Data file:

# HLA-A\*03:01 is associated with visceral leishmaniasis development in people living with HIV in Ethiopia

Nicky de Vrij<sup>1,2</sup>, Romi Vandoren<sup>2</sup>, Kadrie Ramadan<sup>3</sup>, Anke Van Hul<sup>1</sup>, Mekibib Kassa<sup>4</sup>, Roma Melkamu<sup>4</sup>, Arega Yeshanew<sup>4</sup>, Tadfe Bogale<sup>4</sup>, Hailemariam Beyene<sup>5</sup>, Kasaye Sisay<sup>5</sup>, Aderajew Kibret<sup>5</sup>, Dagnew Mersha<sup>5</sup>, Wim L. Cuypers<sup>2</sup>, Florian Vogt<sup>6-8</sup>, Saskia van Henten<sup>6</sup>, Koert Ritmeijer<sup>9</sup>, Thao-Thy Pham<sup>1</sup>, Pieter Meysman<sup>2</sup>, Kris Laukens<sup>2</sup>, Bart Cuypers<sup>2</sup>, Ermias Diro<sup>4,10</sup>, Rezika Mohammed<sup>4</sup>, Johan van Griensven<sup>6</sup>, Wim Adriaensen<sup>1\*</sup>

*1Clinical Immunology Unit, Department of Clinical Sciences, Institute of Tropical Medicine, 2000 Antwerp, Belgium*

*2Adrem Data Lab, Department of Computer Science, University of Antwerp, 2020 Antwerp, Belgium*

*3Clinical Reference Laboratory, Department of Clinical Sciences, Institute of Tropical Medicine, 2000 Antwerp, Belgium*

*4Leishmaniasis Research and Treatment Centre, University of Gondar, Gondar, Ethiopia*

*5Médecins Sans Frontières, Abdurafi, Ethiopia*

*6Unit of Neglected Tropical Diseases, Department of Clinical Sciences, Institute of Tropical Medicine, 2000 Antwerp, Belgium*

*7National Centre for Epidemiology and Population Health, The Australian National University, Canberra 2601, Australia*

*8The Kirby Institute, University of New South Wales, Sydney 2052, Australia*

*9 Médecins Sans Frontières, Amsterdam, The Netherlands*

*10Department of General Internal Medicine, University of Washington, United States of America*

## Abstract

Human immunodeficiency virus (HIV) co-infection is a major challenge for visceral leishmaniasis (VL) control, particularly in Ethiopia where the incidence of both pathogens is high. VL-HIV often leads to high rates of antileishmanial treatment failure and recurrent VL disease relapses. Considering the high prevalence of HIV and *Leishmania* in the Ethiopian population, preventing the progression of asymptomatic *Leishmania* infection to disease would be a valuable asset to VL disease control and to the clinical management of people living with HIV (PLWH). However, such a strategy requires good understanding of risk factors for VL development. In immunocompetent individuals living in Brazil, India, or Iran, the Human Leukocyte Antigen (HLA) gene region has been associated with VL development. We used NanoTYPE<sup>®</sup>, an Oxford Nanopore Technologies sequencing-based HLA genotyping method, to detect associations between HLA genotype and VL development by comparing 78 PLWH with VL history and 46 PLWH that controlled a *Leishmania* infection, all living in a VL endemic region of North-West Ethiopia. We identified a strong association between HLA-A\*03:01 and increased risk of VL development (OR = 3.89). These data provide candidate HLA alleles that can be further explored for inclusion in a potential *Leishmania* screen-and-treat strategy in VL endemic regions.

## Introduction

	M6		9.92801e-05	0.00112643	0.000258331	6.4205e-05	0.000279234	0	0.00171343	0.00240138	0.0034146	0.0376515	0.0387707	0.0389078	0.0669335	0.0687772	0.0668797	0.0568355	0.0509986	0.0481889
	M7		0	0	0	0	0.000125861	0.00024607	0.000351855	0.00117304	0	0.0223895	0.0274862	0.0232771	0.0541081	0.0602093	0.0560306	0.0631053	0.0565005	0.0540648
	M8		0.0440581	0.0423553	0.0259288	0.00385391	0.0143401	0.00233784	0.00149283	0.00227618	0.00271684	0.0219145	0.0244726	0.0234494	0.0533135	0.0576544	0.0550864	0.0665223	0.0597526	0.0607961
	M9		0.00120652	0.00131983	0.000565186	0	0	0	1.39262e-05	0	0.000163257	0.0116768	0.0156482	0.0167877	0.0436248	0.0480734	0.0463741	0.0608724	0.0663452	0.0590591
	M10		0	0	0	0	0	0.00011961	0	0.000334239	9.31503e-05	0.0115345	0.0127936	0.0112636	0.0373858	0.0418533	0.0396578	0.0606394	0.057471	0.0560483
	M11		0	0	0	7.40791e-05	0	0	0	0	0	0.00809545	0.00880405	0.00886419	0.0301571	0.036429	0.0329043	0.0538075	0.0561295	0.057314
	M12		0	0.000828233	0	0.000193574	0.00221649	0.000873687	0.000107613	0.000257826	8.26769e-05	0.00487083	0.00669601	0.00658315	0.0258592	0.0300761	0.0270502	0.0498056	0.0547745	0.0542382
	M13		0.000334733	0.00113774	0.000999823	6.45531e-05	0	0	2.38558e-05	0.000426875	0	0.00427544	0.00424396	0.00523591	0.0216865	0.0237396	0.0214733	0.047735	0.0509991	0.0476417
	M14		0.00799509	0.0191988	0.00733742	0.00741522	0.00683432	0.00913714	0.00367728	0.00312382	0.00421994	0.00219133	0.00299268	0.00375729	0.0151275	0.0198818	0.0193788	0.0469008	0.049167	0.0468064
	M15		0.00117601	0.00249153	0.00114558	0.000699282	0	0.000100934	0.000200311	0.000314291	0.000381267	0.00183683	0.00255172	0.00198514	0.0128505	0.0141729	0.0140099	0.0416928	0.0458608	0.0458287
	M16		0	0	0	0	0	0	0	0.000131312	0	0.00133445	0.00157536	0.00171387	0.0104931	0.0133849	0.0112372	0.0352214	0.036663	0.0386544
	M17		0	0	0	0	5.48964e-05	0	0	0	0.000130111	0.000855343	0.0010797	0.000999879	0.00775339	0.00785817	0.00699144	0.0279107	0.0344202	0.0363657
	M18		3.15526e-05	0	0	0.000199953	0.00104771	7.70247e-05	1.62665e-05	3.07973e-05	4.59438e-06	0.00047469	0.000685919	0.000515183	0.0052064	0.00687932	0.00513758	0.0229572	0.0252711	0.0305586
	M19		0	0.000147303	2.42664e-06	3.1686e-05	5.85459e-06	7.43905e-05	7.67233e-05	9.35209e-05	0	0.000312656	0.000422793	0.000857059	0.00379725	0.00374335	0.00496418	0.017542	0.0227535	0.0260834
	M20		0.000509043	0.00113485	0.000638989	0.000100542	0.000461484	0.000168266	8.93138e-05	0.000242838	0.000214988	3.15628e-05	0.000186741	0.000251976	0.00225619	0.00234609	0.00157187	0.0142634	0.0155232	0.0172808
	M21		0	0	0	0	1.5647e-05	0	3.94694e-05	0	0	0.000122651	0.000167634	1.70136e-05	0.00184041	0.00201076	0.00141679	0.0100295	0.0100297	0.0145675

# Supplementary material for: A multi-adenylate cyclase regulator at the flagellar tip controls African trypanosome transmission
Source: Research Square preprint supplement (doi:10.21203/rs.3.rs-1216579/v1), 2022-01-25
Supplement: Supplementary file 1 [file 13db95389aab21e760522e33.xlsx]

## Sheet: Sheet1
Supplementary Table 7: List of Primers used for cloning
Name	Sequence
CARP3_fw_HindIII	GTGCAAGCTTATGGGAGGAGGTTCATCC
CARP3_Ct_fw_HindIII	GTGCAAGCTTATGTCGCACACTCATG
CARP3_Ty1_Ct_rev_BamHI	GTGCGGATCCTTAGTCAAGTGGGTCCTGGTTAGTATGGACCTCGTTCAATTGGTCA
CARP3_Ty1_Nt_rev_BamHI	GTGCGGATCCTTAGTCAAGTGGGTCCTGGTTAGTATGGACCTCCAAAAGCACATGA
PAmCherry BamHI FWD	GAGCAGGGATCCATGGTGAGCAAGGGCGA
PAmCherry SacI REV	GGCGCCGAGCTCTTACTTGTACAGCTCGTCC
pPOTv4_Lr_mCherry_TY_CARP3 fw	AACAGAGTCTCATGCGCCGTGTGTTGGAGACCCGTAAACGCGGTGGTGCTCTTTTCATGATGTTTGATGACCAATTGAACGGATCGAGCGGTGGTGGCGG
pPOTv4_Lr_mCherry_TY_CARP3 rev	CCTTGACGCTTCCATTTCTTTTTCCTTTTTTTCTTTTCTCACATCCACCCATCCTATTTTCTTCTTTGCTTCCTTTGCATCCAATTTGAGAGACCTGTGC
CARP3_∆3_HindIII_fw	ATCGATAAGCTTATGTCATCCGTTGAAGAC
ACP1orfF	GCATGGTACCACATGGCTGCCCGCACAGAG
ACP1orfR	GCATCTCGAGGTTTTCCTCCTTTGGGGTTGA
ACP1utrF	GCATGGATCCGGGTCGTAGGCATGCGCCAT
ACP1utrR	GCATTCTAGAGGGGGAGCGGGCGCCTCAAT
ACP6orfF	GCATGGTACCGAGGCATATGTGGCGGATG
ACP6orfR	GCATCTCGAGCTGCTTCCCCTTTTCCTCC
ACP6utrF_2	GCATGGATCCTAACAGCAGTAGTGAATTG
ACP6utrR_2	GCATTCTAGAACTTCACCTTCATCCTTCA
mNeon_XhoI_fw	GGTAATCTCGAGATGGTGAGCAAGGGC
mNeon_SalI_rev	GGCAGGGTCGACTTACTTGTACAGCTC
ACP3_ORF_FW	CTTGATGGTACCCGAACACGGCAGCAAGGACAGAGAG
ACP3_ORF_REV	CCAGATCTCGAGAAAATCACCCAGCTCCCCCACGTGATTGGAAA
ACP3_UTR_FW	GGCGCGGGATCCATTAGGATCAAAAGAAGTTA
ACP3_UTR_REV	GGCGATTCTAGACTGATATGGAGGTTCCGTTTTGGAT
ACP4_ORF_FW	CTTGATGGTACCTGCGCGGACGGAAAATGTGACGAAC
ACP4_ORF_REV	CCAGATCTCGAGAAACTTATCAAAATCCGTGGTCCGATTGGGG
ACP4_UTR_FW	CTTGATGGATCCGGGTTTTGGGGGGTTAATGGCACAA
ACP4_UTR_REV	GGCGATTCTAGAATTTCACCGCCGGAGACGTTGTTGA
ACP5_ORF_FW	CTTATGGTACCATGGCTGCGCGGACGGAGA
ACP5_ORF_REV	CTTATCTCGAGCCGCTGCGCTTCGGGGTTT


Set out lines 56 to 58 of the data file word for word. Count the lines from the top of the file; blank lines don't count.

mNeon_SalI_rev	GGCAGGGTCGACTTACTTGTACAGCTC
ACP3_ORF_FW	CTTGATGGTACCCGAACACGGCAGCAAGGACAGAGAG
ACP3_ORF_REV	CCAGATCTCGAGAAAATCACCCAGCTCCCCCACGTGATTGGAAA